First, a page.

A lovely starter home, needs some maintenance
Point and Click horror adventures seem to be en vogue with indie developers of late. As a huge fan of the genre, Game Debate couldn’t be more pleased, although our supplies of unstained pants are rapidly dwindling.
Tomb of Zojir: Last Half of Darkness is actually the third game in the ‘Last Half of Darkness’ trilogy, with all three games coming from the macabre mind of developer William R Fisher. However, Tomb of Zojir stands up by itself, so you don’t need to play the other games first to understand what the hell is going on.
All action takes place from a first-person perspective, in the same vein as the Dark Fall series and the upcoming Baron Wittard: Nemesis of Ragnorak. Each environment is presented as a still shot, so you can’t look around as you please. Instead, you interact with objects via the mouse cursor, and move in set directions by clicking on the screen edges.
One oddity with Tomb of Zojir is the inability to turn around, to face in different directions. If you walk down a corridor and reach a dead-end, you effectively have to hop backwards to get back out. It’s disorienting at first and occasionally confusing as hell, as it’s not always obvious which direction you arrived from.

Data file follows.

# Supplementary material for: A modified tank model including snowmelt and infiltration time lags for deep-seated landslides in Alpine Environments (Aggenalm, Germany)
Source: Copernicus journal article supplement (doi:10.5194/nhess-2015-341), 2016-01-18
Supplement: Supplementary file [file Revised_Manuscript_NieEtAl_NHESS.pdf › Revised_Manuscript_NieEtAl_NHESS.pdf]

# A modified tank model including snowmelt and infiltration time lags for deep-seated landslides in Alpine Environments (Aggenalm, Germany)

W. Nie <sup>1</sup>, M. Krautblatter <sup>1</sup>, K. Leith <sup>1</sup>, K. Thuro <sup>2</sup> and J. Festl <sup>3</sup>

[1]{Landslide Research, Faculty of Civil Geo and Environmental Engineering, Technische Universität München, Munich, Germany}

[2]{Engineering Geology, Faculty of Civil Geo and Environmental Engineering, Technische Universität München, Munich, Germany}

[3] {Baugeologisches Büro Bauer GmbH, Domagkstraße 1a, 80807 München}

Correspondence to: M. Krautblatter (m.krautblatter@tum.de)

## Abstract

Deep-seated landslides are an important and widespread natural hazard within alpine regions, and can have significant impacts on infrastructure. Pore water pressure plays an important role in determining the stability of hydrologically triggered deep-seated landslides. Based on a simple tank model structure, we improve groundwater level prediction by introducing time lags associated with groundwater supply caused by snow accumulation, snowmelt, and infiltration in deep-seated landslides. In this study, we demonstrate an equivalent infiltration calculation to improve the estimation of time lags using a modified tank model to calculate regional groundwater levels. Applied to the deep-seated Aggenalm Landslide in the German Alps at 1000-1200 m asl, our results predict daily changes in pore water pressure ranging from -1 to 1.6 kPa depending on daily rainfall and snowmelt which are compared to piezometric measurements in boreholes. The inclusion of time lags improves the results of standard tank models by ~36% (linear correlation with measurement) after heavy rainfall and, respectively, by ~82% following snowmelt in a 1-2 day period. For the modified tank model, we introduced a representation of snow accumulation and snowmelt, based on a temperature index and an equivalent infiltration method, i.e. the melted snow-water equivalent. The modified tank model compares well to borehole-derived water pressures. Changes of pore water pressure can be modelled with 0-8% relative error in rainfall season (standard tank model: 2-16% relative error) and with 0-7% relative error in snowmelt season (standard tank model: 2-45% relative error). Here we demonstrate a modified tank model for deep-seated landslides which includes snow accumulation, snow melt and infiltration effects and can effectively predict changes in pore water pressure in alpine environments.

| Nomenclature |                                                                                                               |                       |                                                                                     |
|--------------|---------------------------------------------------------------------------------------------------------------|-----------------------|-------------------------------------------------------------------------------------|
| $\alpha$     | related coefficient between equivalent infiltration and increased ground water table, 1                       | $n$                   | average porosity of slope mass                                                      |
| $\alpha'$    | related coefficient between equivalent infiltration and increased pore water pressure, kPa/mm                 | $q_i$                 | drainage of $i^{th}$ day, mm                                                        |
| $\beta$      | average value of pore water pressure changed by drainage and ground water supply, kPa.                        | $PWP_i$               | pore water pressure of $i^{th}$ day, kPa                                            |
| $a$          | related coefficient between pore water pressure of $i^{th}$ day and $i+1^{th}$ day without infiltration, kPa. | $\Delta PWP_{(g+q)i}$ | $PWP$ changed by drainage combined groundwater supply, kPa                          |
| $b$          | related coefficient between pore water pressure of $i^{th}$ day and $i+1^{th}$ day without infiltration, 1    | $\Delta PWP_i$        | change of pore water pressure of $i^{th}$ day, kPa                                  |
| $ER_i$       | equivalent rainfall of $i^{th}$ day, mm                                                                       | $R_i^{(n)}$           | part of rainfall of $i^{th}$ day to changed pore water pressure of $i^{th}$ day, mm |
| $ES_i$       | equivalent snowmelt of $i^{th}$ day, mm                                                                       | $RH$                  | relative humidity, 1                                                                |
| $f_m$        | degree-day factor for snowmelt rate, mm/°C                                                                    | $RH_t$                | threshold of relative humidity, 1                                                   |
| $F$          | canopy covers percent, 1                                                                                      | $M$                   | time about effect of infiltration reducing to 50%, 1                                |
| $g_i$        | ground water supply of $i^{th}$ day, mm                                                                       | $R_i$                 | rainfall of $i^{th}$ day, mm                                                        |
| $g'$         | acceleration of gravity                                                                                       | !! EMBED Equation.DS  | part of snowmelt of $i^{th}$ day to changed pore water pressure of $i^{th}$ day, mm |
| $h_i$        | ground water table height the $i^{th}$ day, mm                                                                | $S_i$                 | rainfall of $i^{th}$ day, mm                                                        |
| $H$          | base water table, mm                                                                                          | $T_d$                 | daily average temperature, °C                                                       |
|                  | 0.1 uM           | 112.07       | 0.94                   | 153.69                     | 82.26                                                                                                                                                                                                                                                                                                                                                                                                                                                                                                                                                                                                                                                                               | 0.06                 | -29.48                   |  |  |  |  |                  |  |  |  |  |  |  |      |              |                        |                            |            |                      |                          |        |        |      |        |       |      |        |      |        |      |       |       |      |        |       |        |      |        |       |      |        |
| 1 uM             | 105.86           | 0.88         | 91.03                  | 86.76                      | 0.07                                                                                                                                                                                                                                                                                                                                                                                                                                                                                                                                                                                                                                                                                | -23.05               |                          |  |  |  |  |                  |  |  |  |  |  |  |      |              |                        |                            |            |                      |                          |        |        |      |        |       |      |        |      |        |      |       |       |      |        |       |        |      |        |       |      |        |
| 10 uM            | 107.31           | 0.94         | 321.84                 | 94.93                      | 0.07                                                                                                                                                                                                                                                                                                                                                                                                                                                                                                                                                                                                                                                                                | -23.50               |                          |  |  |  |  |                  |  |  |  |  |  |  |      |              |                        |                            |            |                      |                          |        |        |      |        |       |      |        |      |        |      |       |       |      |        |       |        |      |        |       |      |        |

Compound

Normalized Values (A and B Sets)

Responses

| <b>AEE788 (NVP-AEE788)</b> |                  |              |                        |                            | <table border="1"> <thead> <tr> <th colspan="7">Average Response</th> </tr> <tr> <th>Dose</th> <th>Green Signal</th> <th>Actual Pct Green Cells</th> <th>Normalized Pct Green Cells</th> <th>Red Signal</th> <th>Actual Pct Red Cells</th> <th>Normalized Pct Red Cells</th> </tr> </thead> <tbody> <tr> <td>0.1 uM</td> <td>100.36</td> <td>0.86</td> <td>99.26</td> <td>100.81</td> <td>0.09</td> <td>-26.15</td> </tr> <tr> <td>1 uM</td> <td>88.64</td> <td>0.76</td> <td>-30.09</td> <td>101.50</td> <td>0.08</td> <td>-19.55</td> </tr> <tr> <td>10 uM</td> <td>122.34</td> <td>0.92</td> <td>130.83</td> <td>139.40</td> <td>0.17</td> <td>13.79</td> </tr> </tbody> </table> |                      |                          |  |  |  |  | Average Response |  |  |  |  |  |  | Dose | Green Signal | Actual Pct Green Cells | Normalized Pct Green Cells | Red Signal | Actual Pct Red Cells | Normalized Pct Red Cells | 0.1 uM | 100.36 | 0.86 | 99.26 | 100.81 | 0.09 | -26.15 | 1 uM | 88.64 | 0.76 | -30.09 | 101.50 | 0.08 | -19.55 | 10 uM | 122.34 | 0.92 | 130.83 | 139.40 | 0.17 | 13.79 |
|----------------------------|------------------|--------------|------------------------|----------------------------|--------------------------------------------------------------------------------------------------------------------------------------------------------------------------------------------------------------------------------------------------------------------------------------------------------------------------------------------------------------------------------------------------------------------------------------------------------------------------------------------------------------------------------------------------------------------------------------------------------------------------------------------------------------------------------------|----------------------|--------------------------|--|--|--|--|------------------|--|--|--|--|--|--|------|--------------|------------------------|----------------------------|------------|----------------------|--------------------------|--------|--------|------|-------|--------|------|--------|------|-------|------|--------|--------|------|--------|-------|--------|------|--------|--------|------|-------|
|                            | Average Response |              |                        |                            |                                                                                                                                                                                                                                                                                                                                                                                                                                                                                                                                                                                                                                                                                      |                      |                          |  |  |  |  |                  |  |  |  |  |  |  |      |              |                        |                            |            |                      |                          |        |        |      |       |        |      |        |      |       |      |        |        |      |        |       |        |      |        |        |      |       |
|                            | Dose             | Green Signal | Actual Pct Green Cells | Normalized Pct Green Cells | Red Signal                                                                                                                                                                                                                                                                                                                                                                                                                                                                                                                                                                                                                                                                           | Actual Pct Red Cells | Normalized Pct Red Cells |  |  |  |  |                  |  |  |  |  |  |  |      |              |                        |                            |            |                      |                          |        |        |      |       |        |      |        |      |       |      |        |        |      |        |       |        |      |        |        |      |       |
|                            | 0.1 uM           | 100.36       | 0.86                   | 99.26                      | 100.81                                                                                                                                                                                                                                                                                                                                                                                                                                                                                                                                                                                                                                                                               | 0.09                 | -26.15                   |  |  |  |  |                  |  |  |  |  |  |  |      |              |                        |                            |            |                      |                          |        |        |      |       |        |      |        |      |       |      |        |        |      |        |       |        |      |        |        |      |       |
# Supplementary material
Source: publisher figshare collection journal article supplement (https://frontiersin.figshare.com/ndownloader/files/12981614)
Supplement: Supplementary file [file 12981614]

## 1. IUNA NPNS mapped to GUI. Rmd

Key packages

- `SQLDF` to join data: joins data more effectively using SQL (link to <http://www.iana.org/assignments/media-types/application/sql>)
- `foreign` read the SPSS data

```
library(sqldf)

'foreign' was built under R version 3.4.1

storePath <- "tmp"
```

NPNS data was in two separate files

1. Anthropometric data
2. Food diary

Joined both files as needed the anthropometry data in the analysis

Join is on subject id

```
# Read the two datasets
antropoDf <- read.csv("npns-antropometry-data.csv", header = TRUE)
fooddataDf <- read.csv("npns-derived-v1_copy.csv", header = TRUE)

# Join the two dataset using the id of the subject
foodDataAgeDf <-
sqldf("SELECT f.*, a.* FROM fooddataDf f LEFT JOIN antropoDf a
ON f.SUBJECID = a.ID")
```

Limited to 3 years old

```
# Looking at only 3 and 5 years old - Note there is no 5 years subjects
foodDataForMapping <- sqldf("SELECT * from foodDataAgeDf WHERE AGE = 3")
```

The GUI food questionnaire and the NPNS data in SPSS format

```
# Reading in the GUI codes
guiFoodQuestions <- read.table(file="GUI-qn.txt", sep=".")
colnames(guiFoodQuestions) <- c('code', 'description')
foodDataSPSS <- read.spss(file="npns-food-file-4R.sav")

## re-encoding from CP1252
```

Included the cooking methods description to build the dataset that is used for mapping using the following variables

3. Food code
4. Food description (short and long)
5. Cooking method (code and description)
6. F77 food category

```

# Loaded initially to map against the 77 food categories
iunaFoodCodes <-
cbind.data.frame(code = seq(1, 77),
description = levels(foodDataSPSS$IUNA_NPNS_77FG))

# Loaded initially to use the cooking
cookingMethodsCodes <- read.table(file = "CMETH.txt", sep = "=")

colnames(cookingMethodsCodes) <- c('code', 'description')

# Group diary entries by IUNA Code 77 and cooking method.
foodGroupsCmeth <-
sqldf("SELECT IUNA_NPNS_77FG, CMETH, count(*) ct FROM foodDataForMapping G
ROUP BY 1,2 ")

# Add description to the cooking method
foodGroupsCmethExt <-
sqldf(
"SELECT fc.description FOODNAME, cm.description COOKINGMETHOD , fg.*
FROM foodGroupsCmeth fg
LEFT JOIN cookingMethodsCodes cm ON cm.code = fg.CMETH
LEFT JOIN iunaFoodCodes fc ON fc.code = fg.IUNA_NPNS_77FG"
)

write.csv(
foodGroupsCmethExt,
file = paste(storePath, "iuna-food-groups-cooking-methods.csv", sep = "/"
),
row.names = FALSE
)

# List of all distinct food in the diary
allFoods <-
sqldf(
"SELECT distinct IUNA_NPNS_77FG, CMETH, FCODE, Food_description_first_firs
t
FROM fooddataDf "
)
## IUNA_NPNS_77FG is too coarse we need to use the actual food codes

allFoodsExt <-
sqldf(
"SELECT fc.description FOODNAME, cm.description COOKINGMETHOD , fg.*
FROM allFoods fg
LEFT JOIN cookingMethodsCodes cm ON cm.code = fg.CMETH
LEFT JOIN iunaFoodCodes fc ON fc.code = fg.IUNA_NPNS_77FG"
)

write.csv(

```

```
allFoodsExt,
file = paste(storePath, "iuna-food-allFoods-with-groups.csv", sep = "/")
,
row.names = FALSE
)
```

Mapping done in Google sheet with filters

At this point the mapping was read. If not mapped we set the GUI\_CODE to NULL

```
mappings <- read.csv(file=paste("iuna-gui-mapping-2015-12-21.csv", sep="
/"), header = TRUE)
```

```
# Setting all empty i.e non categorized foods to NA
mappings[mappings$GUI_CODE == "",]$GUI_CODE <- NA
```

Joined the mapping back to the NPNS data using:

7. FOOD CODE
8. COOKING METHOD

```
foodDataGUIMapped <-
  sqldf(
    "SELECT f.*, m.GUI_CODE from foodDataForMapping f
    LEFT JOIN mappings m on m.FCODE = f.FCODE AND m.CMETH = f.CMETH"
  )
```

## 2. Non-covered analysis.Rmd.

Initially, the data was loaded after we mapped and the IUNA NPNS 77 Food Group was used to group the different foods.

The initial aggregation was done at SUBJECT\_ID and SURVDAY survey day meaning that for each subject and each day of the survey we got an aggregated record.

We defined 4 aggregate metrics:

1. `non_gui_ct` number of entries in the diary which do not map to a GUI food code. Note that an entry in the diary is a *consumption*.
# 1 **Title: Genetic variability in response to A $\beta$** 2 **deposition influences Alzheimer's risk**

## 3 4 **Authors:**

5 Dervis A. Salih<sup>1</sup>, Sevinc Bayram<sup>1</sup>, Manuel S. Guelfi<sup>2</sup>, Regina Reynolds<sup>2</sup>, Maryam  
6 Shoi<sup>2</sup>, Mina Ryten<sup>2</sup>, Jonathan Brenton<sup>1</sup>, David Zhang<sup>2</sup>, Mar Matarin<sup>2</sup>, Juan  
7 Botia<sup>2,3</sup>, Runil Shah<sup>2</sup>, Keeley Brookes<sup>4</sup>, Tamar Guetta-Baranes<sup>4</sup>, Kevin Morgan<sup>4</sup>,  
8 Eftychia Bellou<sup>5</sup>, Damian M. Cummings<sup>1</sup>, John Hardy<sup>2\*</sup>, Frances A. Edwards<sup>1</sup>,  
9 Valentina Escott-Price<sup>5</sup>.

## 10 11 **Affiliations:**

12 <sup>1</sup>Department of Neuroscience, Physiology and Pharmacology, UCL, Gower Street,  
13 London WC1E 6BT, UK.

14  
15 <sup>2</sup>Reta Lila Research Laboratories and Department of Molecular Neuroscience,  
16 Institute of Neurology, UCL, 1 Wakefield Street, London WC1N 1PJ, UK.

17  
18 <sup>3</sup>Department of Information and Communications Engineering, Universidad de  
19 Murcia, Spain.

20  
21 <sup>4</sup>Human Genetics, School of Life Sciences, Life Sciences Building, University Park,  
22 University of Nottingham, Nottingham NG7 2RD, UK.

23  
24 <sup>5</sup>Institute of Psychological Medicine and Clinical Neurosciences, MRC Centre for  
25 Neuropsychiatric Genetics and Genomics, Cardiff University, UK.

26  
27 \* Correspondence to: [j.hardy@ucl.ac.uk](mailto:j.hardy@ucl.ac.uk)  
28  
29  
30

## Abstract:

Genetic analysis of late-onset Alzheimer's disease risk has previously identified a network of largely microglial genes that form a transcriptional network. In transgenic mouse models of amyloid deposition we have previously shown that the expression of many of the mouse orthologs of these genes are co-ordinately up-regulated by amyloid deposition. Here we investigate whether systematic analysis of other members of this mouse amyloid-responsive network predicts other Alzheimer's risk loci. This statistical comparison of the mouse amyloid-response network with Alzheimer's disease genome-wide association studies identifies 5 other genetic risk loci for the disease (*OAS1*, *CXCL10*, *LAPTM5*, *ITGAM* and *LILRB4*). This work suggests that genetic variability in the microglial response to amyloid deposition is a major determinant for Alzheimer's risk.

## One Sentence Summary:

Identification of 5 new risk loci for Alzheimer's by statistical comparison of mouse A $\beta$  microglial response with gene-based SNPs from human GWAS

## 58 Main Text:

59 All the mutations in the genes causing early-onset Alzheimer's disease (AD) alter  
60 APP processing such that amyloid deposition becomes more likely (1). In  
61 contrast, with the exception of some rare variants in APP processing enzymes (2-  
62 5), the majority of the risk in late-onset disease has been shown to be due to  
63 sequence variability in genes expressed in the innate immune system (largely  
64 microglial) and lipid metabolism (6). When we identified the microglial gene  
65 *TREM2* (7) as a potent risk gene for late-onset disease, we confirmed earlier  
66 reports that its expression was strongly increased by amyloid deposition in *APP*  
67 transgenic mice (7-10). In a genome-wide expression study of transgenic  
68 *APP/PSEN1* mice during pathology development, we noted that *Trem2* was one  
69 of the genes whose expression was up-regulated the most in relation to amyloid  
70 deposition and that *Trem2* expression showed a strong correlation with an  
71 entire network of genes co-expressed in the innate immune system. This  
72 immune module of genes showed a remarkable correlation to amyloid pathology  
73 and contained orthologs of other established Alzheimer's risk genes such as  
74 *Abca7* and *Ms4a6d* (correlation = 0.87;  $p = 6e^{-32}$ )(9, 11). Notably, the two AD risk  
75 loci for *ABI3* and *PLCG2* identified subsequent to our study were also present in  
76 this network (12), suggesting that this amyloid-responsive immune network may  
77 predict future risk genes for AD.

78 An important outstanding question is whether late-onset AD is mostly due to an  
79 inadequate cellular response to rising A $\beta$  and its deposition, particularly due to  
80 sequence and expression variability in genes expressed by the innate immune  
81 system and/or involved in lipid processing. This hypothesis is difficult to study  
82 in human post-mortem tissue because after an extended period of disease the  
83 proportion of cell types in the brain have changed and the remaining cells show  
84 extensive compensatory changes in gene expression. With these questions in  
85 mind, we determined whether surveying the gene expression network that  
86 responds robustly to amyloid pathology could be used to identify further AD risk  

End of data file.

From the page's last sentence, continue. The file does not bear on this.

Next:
Tomb of Zojir’s art is for the most part well produced, with a variety of dark and creepy environments to explore. One or two character models stood out as particularly blocky, but this is forgivable considering a single person created the game from scratch. We were pleased to see animation mixed in with the still environments, to add a little atmosphere and make it feel less like you're playing a slideshow.
This being a horror game, you obviously have scary crap jumping out at you from the shadows at regular intervals. For the most part these scare moments are well timed and we found ourselves jumping and jerking about the place, which brought great amusement to any bystanders. Laptop users take heed, as your portable pal will most likely end up in tiny pieces on the ground.
Puzzles are an essential aspect of any adventure game, and Tomb of Zojir’s don’t disappoint. The plot has you searching for a lost tomb (of Zojir, no less) on a sinister island, which proves to be a great deal tougher than it sounds. In order to protect this tomb from thieves, the local community has wisely built a number of traps. These traps form a chunk of the puzzles, while the rest are simple real-world conundrums, such as finding keys for doors or passwords for computers. One or two particularly inventive efforts even involve items that come inside the game box, although saying any more would be spoilerific.
Tomb of Zojir has a near perfect difficulty level, with very few frustrating moments. The odd bit of pixel-hunting aside, we really enjoyed this adventure, which kept us busy for well over the standard ten hours. Best of all, it’ll run on any modern machine, with the exception of dainty netbooks.
And there goes our final clean pair